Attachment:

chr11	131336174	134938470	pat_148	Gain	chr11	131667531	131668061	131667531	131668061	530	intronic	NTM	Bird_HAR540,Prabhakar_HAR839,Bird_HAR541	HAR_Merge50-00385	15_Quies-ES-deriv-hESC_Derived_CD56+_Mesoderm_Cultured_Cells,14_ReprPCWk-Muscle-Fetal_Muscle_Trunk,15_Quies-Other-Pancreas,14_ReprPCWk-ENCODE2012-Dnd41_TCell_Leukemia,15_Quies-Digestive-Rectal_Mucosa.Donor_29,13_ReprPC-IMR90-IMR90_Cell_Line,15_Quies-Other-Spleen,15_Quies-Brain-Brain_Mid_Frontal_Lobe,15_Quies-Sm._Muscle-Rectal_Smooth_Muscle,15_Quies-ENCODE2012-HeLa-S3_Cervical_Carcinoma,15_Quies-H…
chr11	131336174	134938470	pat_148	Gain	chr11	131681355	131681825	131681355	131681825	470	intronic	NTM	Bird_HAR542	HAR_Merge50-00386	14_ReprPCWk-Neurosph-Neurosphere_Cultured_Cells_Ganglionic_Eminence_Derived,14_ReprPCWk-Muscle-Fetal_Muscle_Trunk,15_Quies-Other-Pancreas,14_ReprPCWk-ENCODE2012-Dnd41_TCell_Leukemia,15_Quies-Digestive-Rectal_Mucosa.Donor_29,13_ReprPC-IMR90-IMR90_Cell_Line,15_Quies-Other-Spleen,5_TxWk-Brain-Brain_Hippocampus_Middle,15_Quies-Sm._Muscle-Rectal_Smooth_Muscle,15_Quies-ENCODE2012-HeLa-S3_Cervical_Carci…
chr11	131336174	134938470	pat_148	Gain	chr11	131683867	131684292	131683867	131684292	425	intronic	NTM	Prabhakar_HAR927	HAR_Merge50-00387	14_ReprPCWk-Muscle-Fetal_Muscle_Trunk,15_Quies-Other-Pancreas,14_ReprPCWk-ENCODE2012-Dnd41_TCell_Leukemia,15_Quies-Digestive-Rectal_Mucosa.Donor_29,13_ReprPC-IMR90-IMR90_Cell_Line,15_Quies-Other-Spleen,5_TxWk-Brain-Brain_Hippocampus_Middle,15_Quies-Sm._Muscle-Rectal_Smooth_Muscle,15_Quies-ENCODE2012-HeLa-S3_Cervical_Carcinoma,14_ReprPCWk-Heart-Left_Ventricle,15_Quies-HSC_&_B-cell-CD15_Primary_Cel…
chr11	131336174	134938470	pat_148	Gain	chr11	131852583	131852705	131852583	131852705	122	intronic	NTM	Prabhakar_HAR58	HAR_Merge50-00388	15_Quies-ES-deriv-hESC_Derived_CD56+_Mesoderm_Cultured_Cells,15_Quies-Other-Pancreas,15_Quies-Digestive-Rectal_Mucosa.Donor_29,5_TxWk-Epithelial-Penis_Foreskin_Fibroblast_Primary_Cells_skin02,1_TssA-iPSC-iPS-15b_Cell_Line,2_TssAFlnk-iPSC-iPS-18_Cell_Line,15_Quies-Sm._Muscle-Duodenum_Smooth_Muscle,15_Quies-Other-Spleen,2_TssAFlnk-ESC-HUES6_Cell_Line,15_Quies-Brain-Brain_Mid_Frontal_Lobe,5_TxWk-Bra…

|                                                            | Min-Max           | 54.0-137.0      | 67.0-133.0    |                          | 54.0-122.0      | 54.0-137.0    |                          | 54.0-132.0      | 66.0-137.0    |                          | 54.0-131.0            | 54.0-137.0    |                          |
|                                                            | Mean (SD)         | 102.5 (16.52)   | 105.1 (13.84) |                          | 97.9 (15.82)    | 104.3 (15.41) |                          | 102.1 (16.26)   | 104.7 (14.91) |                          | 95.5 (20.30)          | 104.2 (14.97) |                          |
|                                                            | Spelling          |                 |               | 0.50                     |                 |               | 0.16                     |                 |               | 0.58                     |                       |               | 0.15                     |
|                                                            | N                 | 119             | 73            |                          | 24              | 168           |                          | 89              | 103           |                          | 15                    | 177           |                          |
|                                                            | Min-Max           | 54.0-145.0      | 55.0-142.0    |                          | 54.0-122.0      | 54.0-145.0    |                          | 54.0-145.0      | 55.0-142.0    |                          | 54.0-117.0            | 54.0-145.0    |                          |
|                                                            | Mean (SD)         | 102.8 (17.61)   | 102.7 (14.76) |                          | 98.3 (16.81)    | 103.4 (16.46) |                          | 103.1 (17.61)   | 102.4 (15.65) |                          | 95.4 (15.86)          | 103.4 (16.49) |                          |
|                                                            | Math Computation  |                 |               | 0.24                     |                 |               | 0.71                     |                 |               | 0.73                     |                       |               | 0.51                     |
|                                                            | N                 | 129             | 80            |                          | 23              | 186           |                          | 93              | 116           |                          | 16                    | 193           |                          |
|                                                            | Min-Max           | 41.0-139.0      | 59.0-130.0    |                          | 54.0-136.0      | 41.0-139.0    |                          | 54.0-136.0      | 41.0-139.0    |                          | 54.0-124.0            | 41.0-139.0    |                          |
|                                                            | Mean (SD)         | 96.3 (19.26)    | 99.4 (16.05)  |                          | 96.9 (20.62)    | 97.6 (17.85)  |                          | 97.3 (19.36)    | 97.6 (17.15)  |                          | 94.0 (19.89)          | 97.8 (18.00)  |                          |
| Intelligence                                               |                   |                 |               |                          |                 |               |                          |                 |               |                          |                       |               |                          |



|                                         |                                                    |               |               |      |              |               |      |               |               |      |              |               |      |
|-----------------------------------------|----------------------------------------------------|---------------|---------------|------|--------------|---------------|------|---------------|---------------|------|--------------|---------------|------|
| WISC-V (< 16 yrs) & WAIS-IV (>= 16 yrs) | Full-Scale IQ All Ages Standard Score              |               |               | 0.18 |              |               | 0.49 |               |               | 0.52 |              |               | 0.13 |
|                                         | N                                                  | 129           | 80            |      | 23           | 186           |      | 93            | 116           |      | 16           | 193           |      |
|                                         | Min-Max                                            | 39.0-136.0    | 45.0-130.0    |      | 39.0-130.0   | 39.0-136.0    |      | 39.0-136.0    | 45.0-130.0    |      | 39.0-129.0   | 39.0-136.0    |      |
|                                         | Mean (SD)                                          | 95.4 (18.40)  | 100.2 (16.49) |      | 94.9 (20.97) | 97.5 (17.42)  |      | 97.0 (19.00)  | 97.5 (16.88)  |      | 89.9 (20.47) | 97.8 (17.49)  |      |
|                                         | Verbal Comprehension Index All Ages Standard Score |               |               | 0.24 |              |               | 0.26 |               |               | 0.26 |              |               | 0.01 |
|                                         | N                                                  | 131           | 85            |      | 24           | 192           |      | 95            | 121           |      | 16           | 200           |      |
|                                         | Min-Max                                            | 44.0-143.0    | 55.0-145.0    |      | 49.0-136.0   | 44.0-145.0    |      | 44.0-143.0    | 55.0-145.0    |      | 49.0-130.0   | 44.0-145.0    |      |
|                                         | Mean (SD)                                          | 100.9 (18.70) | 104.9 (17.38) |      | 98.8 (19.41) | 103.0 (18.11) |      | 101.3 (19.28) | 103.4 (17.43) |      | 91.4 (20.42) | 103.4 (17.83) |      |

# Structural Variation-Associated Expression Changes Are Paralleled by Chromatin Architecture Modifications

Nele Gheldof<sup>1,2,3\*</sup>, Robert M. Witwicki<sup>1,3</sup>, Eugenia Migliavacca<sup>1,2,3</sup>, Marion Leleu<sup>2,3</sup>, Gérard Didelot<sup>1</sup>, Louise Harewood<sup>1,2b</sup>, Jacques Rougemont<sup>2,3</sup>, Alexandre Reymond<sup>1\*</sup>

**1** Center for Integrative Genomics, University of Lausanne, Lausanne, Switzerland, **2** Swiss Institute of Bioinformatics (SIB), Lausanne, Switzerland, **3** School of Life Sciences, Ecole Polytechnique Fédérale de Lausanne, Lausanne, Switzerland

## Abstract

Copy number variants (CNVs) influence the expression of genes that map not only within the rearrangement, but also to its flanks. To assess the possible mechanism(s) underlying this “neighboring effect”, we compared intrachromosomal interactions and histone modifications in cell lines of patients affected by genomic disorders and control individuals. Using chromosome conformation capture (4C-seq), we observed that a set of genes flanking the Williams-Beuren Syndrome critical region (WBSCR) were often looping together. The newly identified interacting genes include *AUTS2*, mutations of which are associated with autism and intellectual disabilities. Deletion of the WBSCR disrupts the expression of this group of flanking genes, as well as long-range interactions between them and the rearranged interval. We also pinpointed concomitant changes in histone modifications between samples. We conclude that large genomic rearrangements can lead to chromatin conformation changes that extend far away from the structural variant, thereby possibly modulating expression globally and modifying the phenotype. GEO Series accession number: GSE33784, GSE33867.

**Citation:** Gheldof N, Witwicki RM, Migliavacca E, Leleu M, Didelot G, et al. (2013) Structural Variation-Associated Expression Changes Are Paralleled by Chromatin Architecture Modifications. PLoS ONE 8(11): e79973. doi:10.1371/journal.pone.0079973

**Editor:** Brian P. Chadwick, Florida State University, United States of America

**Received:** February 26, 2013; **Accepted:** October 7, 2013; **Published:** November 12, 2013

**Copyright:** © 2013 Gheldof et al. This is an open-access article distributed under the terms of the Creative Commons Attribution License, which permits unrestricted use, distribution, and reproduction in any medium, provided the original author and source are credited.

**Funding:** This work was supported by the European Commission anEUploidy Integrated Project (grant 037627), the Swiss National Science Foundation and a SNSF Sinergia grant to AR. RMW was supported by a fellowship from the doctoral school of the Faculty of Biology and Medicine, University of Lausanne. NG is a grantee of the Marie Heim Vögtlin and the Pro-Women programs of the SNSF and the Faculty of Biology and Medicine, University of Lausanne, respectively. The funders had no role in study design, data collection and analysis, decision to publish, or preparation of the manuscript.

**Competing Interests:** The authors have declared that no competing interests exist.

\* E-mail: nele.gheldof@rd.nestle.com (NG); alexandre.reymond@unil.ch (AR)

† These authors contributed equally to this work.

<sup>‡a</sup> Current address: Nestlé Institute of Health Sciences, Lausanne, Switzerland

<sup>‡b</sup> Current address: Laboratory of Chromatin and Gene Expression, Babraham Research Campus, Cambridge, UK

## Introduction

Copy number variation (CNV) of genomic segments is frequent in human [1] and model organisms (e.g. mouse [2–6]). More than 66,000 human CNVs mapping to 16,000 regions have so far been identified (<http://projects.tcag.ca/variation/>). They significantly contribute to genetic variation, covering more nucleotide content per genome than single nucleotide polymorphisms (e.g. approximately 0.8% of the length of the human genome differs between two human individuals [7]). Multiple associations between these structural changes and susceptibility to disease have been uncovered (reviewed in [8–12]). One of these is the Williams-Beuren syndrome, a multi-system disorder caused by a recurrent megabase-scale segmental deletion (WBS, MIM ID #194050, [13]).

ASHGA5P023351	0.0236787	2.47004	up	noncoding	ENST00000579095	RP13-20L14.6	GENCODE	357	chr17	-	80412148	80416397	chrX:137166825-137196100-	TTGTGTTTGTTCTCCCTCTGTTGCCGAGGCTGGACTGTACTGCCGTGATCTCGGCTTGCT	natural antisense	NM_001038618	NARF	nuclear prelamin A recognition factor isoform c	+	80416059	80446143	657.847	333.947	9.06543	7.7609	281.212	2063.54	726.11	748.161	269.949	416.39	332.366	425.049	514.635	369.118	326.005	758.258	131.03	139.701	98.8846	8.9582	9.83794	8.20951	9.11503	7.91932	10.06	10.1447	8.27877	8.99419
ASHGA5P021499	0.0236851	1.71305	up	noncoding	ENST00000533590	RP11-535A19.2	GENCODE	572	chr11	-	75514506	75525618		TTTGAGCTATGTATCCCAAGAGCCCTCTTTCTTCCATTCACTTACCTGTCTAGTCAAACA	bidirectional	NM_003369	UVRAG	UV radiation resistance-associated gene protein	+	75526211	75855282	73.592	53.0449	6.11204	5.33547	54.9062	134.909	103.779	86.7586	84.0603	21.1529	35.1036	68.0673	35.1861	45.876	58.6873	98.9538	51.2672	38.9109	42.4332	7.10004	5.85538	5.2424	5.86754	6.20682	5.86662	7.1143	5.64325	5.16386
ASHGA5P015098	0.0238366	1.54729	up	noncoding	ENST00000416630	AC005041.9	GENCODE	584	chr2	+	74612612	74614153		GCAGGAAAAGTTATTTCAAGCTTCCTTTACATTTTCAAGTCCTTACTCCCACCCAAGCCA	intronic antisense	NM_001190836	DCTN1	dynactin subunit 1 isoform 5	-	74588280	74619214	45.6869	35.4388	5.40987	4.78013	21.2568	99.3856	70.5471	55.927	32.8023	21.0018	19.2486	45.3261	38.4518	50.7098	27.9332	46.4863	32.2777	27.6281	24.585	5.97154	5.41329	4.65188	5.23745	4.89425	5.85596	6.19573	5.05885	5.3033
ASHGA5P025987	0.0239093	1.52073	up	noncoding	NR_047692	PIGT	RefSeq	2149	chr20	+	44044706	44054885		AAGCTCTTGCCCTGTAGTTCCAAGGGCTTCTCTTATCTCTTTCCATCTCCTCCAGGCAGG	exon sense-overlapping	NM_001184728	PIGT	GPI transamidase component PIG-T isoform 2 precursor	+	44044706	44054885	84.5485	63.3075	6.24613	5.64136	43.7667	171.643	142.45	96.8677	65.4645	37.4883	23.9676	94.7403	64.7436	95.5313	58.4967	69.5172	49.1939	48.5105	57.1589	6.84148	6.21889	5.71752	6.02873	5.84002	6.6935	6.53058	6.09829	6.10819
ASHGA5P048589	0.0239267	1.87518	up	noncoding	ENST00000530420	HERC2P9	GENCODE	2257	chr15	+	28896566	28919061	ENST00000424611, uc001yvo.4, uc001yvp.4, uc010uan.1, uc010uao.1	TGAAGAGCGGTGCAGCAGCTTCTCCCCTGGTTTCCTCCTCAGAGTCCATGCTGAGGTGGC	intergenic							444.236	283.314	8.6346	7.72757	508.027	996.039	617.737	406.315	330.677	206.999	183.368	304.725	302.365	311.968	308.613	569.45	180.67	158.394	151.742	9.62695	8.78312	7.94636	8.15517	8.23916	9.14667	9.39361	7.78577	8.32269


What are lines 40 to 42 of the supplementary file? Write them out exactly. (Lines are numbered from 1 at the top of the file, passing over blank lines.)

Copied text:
<sup>‡b</sup> Current address: Laboratory of Chromatin and Gene Expression, Babraham Research Campus, Cambridge, UK

## Introduction

Copy number variation (CNV) of genomic segments is frequent in human [1] and model organisms (e.g. mouse [2–6]). More than 66,000 human CNVs mapping to 16,000 regions have so far been identified (<http://projects.tcag.ca/variation/>). They significantly contribute to genetic variation, covering more nucleotide content per genome than single nucleotide polymorphisms (e.g. approximately 0.8% of the length of the human genome differs between two human individuals [7]). Multiple associations between these structural changes and susceptibility to disease have been uncovered (reviewed in [8–12]). One of these is the Williams-Beuren syndrome, a multi-system disorder caused by a recurrent megabase-scale segmental deletion (WBS, MIM ID #194050, [13]).